Washington Opera stages brilliant version of 'Peter Grimes'

CLEF NOTES

March 26, 2009|By TIM SMITH | TIM SMITH,tim.smith@baltsun.com

Many an uncomfortable lesson about human nature lies within Benjamin Britten's 1945 operatic masterpiece, Peter Grimes, a tale of small-mindedness, conclusion-jumping and rapid swells of populist outrage in a seaside village. Those multilayered messages seem even more relevant than usual in the Washington National Opera's striking production at the Kennedy Center.

The sight of villagers brandishing prayer books as they march off to confront the outsider Grimes, singing about how they "shall strike and strike to kill," bring to mind many an outbreak of knee-jerk, cable-TV-flamed behavior in our own society.

The impulse to judge quickly and harshly is one of the biggest issues in Peter Grimes, which holds up an unflattering mirror to all of us. In it can be seen the ugly power of gossip, a power as destructive as the sea that periodically threatens the opera's villagers; the cruel price of hypocrisy; the dangerous policy of insisting that everything is black or white.

Grimes is anything but clear-cut. This fisherman is creepy and violent. Two boys die while working for him, and he's not blameless in either case. Yet, something fundamentally decent - or at least hopeful and even poetic - in Grimes draws the love of Ellen, the local schoolmarm, and the sympathy of Balstrode, an old sea captain - the only townspeople who resist the scornful majority.

That Grimes must lose his own life before we can learn his whole story or see far enough into his heart is what gives the opera its affecting tragedy.

In the Washington staging, director Paul Curran taps into that tragedy with brilliant results, aided immeasurably by Robert Innes Hopkins' sets and costumes and the atmospheric lighting of Rick Fisher.

The opera, inspired by an 1810 George Crabbe poem (Montagu Slater fashioned the vivid libretto), is set here in the 1940s, playing up the contemporary feeling of the issues involved. A few colorless buildings flank the stage to create a suitably one-sided, claustrophobic world. In a telling bit of theatricality, those structures are shaken off their very foundations by angry shouts of the Grimes-hating crowd.

The uniformly impressive cast (I attended opening night last Saturday) is headed by Christopher Ventris, a true singing actor who incisively conveys the complexity and contradictions of Grimes. A wider range of tone coloring would be welcome, but the tenor's voice has an appealing directness, his phrasing a communicative depth.

As Ellen, Patricia Racette uses her warm, clear, flexible soprano and astute acting skills to capture the character's mix of certitude and qualms. Hers is an exquisitely shaded, touching performance.

Alan Held makes a vocally and theatrically vibrant Balstrode.

The supporting roles are fleshed out with a good deal of colorful vocal and theatrical flourish. The chorus, prepared by Steven Gathman, fulfills its crucial assignment with great force and flair.

The orchestra produces the score's prismatic tapestry handsomely, guided by conductor Ilan Volkov, whose strongly committed effort complements the intensity onstage and helps to honor the beauty and grit of a profound, timeless opera.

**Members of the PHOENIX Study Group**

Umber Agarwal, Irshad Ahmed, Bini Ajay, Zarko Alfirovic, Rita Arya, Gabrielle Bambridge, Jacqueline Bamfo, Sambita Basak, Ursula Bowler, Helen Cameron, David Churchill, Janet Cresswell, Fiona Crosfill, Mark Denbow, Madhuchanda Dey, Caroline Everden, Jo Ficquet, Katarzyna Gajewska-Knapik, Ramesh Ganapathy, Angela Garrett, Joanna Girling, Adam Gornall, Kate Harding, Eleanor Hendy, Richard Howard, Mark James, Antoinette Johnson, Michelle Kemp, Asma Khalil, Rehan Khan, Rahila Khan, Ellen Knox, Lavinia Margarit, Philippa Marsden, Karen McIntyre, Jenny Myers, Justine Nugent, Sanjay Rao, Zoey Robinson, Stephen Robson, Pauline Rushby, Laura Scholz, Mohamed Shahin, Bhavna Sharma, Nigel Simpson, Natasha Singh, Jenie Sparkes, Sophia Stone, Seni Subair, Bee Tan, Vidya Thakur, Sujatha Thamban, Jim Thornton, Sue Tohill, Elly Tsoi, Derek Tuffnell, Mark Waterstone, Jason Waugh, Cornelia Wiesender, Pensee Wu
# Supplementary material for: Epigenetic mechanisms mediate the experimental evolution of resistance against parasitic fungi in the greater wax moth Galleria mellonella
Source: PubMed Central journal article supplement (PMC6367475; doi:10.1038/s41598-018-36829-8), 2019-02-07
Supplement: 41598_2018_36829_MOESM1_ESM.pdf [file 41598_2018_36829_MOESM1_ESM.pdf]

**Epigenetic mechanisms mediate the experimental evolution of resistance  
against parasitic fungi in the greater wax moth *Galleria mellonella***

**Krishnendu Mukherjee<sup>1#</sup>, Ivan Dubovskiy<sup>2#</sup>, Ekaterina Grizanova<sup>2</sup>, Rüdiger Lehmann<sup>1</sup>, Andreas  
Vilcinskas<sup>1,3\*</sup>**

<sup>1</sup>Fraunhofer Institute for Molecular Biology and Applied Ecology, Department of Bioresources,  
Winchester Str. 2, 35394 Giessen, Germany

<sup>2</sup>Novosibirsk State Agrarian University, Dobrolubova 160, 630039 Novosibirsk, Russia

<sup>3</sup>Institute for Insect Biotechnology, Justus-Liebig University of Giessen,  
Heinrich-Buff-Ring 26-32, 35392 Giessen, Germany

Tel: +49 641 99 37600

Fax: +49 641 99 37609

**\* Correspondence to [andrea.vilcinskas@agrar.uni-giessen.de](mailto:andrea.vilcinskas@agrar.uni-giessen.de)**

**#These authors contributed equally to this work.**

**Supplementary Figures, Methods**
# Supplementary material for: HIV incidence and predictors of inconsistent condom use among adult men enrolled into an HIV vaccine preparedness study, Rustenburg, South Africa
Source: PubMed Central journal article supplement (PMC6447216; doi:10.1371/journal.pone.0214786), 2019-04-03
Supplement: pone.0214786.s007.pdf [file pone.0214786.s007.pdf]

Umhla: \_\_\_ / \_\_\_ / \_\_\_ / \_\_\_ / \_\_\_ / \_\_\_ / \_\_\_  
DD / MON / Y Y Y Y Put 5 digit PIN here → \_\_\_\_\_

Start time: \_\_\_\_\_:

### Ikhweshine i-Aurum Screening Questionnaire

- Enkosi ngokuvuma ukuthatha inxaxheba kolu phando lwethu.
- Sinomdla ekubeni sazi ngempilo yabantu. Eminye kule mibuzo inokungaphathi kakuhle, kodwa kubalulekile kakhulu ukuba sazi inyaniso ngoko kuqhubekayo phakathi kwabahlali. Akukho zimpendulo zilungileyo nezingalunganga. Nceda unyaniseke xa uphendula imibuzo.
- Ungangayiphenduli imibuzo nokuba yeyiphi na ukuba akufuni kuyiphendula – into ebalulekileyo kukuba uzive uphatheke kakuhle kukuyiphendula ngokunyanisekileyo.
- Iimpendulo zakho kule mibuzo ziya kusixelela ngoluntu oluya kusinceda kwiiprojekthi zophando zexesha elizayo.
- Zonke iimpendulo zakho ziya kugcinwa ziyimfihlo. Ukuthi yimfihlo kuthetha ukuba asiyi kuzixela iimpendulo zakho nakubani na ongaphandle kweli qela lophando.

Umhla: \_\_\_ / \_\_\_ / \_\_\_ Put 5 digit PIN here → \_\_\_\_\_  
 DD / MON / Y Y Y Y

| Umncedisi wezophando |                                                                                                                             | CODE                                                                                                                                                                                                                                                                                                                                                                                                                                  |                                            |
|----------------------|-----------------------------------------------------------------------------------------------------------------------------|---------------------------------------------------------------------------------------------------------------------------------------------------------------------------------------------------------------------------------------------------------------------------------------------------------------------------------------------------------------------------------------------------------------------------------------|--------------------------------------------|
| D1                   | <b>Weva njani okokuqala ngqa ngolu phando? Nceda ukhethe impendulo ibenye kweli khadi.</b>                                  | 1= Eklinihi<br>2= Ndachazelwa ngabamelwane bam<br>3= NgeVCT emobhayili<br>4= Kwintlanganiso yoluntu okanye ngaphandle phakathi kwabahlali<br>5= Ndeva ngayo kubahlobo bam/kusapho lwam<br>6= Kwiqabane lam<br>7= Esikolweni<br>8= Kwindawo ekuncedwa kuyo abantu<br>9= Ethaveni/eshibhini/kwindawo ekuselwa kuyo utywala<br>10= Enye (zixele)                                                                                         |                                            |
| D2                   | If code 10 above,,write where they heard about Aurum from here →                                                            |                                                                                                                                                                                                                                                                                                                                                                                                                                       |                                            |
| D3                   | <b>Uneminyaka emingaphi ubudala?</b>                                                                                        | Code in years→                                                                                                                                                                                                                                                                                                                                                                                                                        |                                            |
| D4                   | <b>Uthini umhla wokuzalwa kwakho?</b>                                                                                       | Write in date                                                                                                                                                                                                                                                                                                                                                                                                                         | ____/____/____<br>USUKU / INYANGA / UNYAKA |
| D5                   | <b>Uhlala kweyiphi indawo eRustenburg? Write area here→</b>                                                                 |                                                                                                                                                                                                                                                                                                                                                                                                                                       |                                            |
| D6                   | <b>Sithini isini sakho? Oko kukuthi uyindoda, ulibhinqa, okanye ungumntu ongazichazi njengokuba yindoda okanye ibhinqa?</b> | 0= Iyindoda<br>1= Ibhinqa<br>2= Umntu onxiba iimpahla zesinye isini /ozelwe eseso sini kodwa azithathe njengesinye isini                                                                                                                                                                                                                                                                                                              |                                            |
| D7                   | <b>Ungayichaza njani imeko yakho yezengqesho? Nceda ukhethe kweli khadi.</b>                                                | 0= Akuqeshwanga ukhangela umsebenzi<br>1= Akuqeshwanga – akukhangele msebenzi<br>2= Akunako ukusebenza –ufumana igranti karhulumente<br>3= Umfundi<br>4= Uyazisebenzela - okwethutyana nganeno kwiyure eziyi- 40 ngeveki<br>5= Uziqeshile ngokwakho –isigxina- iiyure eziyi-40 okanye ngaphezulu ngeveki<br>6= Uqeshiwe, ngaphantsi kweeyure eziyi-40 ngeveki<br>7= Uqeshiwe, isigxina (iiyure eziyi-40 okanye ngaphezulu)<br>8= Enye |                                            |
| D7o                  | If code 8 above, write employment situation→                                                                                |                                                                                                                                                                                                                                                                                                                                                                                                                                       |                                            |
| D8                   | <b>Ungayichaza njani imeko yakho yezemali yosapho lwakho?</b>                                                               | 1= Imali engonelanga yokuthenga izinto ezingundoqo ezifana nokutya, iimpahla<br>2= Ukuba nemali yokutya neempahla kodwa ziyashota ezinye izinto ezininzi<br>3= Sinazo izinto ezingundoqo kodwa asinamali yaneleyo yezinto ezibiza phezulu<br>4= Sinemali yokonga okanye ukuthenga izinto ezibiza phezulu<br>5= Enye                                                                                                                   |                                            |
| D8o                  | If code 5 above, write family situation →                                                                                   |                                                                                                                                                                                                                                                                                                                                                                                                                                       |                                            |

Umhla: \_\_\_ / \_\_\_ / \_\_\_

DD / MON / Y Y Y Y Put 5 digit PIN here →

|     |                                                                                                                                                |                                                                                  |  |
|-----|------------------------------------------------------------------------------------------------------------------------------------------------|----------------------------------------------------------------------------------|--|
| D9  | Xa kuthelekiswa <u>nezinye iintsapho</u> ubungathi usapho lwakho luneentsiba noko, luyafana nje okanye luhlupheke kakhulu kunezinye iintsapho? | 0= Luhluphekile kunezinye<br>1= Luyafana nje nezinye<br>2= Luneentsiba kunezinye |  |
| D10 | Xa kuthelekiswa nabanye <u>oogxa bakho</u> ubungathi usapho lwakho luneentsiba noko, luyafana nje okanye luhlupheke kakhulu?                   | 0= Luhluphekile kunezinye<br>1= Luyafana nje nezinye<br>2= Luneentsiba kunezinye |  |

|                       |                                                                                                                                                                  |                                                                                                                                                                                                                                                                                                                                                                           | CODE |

Remaining performances are Thursday, Sunday, Wednesday and April 4 at the Kennedy Center, 2700 F St. N.W., Washington. Call 202-295-2400 or go to dc-opera.org.

Some good news

We've had our share of downer stories this season. Here are just a couple of reminders that the local music scene is far from lost.

The Handel Choir of Baltimore, which had been showing signs of distress, "is still kicking after the staff and program reductions last December," reports artistic director Melinda O'Neal. Thanks to what she hails as "an unprecedented outpouring of support" from the community and choir members themselves, the ensemble will be able to complete its 2008-2009 concerts as scheduled with a performance of Haydn's Mass in Time of War on May 3 at Towson United Methodist Church. Call 410-366-6544 or go to handelchoir.org.

Although the Handel Choir had to end its children's choir program because of financial pressures, the young voices were not silenced. Supporters were able to launch the independent Baltimore Children's Choir, which will still collaborate with the Handel Choir in the future, including the May 3 program.

Meanwhile, the Young Victorian Theatre Company reminds the community that it remains "a thriving, fiscally healthy operetta company," ready to offer its 39th consecutive Gilbert and Sullivan season in July with The Pirates of Penzance at the Bryn Mawr School.

"Our endowment and reserve fund have never been invaded, and we try to remain an example of what can happen [with] sensible, careful and conservative planning," says general manager Brian Goodman.

Go to yvtc.org.

For the record

I was taken severely to task by a relative of Spiro Malas for not including that fine bass-baritone in my March 15 litany of stars who graced productions by the about-to-be-liquidated Baltimore Opera Company.

Let me hasten to give the Baltimore-born Malas his due. And, while I'm at it, I could mention the likes of Elizabeth Futral, Chris Merritt, Renata Scotto, Diana Soviero, Ruth Ann Swenson and Ruth Welting - but the list would just get too long, and too depressing.

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